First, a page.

Solid Waste

Waste Reduction & Global Climate Change


Solid waste reduction and recycling help address global climate change. The manufacture, distribution and use of products – as well as management of the resulting waste – all result in greenhouse gas emissions. Waste prevention and recycling reduce greenhouse gases associated with these activities by reducing methane emissions, saving energy, and increasing forest carbon sequestration.

The California waste stream is primarily composed of organic (food) waste, paper products, and construction and demolition debris. Harder to decompose items such as plastic, glass, metal, electronic and hazardous wastes are also present in the waste stream in significant amounts. Traditional solid waste management has relied heavily on large landfills, and to a lesser degree incineration. However Federal, state and local laws and regulations are forcing a move towards waste prevention and minimization, including greater reliance on recycling and diversion.

California Integrated Waste Management Act

The California Integrated Waste Management Act (AB 939) requires that local governments prepare waste diversion plans. Now, recent legislation, AB 341, requires that 75% of the waste stream be recycled by 2020 and planning is underway to achieve that goal. The current State Agency dealing with waste issues is the Department of Resources Recycling and Recovery (CalRecycle).

Waste Prevention & Recycling

SCAG is responsible for looking at both short and long term solutions to effectively address the regional waste problem. In the short term, the region will still need to rely heavily on landfills and, when local facilities have filled to capacity, exporting the waste to other areas, leading to higher trash rates and added traffic congestion and air pollution. In the long term, SCAG will assist the region in changing the way residents and businesses think about trash and move towards a system of waste prevention and minimization. The move towards this system will take time and require a variety of waste management strategies, including extensive use of recycling. The SCAG region will need to achieve maximum diversion from landfills through emerging technologies, policies and best management practices.


SCAG works with local jurisdictions to help develop local and regional solid waste policies that help support state solid waste goals while supporting SCAG’s plans, such as the 2016-2040 Regional Transportation Plan / Sustainable Communities Strategy currently under development. In addition, SCAG monitors the development of hazardous waste management planning, pursuant to the California Health and Safety Code.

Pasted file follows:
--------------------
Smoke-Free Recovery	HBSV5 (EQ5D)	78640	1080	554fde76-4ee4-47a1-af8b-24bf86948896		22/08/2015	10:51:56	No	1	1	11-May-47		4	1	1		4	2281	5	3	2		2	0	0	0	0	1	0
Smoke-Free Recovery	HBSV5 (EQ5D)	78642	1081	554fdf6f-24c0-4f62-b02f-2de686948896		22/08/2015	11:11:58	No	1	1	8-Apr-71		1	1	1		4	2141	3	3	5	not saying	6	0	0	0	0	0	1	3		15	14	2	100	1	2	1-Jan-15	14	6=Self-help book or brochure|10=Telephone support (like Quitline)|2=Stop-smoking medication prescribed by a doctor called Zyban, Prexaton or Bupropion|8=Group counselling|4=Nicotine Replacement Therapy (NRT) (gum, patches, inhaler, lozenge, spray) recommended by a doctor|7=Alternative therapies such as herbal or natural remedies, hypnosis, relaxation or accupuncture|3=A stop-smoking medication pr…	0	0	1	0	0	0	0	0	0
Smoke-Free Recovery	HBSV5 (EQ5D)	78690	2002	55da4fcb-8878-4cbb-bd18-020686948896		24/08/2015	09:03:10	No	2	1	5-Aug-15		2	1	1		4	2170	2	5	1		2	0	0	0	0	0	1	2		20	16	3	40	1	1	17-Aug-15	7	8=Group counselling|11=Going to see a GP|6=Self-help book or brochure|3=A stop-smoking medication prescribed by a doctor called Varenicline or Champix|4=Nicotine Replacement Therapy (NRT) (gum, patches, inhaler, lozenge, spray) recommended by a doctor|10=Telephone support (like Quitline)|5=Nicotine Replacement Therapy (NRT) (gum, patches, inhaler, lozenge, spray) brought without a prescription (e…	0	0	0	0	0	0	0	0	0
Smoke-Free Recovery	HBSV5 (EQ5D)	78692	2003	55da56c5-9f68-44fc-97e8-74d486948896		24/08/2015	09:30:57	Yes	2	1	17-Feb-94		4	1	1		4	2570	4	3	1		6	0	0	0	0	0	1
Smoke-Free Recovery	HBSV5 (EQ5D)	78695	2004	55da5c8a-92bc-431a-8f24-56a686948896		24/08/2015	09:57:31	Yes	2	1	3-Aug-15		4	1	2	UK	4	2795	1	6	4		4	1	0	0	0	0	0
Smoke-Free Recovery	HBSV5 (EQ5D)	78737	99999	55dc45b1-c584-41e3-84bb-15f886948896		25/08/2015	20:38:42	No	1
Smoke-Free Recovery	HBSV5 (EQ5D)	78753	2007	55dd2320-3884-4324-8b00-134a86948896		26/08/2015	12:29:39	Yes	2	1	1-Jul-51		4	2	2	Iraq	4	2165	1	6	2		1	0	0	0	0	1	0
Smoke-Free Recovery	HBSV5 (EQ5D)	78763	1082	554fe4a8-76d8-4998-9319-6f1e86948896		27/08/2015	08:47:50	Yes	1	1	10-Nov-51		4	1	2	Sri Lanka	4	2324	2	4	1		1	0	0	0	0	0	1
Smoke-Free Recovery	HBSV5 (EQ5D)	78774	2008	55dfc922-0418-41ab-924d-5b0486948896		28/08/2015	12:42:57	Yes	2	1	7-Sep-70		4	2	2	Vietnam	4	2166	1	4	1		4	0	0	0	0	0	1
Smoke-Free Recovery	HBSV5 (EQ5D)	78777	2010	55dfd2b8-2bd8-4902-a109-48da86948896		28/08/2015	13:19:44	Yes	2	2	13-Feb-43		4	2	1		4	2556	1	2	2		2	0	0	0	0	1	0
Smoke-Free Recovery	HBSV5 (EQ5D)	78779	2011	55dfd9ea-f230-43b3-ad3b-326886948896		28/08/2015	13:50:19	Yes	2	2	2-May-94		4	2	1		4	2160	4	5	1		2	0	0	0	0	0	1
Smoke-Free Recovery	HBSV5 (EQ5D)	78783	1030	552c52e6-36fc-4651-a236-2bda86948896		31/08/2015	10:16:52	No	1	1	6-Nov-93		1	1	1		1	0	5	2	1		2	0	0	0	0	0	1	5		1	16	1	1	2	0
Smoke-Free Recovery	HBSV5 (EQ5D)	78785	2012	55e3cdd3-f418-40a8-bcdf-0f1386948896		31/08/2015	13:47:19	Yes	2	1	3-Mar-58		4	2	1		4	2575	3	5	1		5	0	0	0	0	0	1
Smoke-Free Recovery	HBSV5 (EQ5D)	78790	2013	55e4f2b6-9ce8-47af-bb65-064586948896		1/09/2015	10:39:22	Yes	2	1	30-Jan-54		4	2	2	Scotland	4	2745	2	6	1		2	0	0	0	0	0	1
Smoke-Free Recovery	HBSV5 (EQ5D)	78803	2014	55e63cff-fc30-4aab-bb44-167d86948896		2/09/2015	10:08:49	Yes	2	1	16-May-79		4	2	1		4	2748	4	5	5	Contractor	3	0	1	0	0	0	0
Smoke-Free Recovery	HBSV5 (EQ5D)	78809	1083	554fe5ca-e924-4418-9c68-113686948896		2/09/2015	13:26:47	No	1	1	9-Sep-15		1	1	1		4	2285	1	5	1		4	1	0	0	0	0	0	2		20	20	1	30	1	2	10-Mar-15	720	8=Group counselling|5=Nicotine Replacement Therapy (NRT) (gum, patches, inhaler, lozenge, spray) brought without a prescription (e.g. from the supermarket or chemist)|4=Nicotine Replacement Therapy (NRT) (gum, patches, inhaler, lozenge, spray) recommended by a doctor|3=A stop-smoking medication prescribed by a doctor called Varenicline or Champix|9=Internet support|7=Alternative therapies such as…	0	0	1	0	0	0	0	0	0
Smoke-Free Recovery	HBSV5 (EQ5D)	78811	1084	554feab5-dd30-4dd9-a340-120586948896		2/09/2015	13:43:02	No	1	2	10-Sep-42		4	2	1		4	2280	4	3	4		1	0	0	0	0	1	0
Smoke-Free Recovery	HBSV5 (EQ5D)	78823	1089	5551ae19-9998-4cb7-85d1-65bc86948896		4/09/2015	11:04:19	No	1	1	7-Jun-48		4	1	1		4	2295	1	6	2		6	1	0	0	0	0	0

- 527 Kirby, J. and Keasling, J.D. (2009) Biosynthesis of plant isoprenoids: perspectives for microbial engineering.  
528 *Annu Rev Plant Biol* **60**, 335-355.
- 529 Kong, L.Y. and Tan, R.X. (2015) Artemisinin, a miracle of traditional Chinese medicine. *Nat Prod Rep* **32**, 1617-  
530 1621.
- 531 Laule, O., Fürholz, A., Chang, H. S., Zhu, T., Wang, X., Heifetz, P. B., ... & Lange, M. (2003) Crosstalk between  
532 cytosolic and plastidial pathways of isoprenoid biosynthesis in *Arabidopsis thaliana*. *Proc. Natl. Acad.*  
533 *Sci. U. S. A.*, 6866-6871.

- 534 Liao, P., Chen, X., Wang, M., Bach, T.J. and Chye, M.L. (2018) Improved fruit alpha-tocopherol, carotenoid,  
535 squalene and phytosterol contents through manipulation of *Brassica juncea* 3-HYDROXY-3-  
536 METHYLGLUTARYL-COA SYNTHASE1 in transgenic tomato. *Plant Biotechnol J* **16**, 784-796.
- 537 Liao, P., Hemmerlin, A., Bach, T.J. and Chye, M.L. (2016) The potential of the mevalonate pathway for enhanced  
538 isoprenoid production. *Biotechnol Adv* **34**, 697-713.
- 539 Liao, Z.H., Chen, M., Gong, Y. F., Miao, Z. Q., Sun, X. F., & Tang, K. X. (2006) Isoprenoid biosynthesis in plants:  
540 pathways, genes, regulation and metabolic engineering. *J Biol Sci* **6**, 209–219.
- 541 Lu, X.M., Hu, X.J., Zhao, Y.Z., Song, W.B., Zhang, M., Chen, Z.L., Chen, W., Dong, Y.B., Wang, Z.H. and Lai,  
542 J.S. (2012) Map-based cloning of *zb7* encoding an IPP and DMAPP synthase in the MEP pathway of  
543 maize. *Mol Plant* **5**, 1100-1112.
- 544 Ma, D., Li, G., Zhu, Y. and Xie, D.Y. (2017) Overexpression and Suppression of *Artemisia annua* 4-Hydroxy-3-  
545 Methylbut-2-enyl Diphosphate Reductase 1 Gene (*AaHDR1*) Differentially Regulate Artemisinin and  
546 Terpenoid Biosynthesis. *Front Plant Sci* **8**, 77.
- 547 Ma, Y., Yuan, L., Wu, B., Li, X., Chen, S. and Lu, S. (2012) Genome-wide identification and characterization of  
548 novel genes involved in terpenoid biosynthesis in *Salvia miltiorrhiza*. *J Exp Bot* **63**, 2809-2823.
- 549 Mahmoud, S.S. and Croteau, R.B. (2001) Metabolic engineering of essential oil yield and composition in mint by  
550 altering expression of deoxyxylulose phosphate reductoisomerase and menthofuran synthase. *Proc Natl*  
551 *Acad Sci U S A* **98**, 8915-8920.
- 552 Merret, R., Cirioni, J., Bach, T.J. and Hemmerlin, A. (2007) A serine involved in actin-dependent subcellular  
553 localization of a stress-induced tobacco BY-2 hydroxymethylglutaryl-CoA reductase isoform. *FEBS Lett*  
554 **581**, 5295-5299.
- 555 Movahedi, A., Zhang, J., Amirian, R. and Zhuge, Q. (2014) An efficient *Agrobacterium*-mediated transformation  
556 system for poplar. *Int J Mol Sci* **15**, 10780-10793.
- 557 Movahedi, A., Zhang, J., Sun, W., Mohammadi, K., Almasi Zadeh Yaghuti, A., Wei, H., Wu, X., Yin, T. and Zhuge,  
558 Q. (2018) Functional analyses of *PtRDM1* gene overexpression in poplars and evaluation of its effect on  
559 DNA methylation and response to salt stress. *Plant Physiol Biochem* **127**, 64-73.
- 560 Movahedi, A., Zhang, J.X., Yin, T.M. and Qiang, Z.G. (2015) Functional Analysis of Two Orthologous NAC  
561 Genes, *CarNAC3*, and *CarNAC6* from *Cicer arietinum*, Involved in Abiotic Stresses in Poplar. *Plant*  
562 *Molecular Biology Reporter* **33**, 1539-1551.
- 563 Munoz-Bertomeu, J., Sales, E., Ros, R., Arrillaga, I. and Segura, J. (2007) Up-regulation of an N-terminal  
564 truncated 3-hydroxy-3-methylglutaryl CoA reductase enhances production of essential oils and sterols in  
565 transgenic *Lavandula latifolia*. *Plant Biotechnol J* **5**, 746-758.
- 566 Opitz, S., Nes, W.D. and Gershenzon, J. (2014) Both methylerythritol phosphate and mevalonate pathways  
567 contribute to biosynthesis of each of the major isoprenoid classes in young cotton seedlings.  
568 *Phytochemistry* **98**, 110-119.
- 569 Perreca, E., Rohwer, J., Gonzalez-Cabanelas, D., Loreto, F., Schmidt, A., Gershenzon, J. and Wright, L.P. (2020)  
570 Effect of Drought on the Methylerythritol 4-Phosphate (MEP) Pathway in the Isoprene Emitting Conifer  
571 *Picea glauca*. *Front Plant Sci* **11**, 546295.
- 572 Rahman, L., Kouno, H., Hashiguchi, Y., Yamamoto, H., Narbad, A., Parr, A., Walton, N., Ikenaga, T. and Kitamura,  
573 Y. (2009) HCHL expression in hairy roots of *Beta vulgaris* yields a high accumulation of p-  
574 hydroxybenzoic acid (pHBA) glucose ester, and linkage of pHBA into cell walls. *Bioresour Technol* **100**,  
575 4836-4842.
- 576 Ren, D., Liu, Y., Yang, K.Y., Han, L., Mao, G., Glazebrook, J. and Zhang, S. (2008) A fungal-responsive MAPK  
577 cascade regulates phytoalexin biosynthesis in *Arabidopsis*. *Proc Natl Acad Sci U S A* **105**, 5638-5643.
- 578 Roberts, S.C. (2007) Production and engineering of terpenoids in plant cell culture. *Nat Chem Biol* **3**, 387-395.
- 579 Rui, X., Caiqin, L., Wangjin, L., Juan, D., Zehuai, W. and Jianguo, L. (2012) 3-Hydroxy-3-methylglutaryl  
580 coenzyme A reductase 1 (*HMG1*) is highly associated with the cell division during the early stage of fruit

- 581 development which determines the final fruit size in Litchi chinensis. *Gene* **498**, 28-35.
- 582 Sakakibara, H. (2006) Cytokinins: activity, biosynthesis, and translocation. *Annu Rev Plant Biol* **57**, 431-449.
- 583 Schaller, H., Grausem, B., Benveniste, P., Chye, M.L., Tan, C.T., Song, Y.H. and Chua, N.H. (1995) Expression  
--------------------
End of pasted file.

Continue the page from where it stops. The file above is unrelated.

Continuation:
The California Air Resources Board (CARB) approved a new regulation that reduces emissions of methane, a greenhouse gas, from municipal solid waste (MSW) landfills. The regulation, which became effective June 17, 2010, is a discrete early action greenhouse gas emission reduction measure, as described in the California Global Warming Solutions Act (“AB 32”). The regulation primarily requires owners and operators of certain uncontrolled MSW landfills to install gas collection and control systems, and requires existing and newly installed gas and control systems to operate in an optimal manner. The regulation allows local air districts to voluntarily enter into a memorandum of understanding with CARB to implement and enforce the regulation and to assess fees to cover costs.


The use of incinerators to burn solid waste is an old technology. Historically, incinerators have created a number of undesirable by-products (solid, liquid, and gas). Conversion technologies (CTs) refer to a set of processes designed to reduce the by-products of incineration, and to create useful products such as industrial chemicals or gas, liquid, and solid fuels. The attraction of CTs is their ability to convert landfill waste into products that can take the place of fossil fuels mined from natural resources. One such process is Thermal (thermochemical) conversion, and is characterized by the use of high temperatures to achieve high conversion rates of dry, organic material. This process can include these techniques: gasification, pyrolysis, plasma arc, and catalytic cracking.


One strategy to reduce GHG emissions is from reducing energy consumption. Recycling saves energy. Manufacturing goods from recycled materials usually requires less energy than producing goods from new materials. Waste prevention is even more effective at saving energy. When people reuse things or when products are made with less material, less energy is needed to extract, transport, and process raw materials and to manufacture products.  In short,  when energy demand decreases, fewer fossil fuels are burned and less CO2 is emitted into the atmosphere.


When CO2 is removed from the atmosphere by photosynthesis or other processes and stored in sinks (like forests, landfills or soil), it is sequestered. The principal carbon storage mechanisms under consideration are forests (related to paper and wood recycling), long-term storage of carbon in landfills, and the accumulation of carbon in soils resulting from compost application. Studies are under way to determine the value of these techniques to long-term greenhouse gas reduction efforts. However, the EPA currently includes estimates of carbon storage from landfills and forests in its national GHG inventory.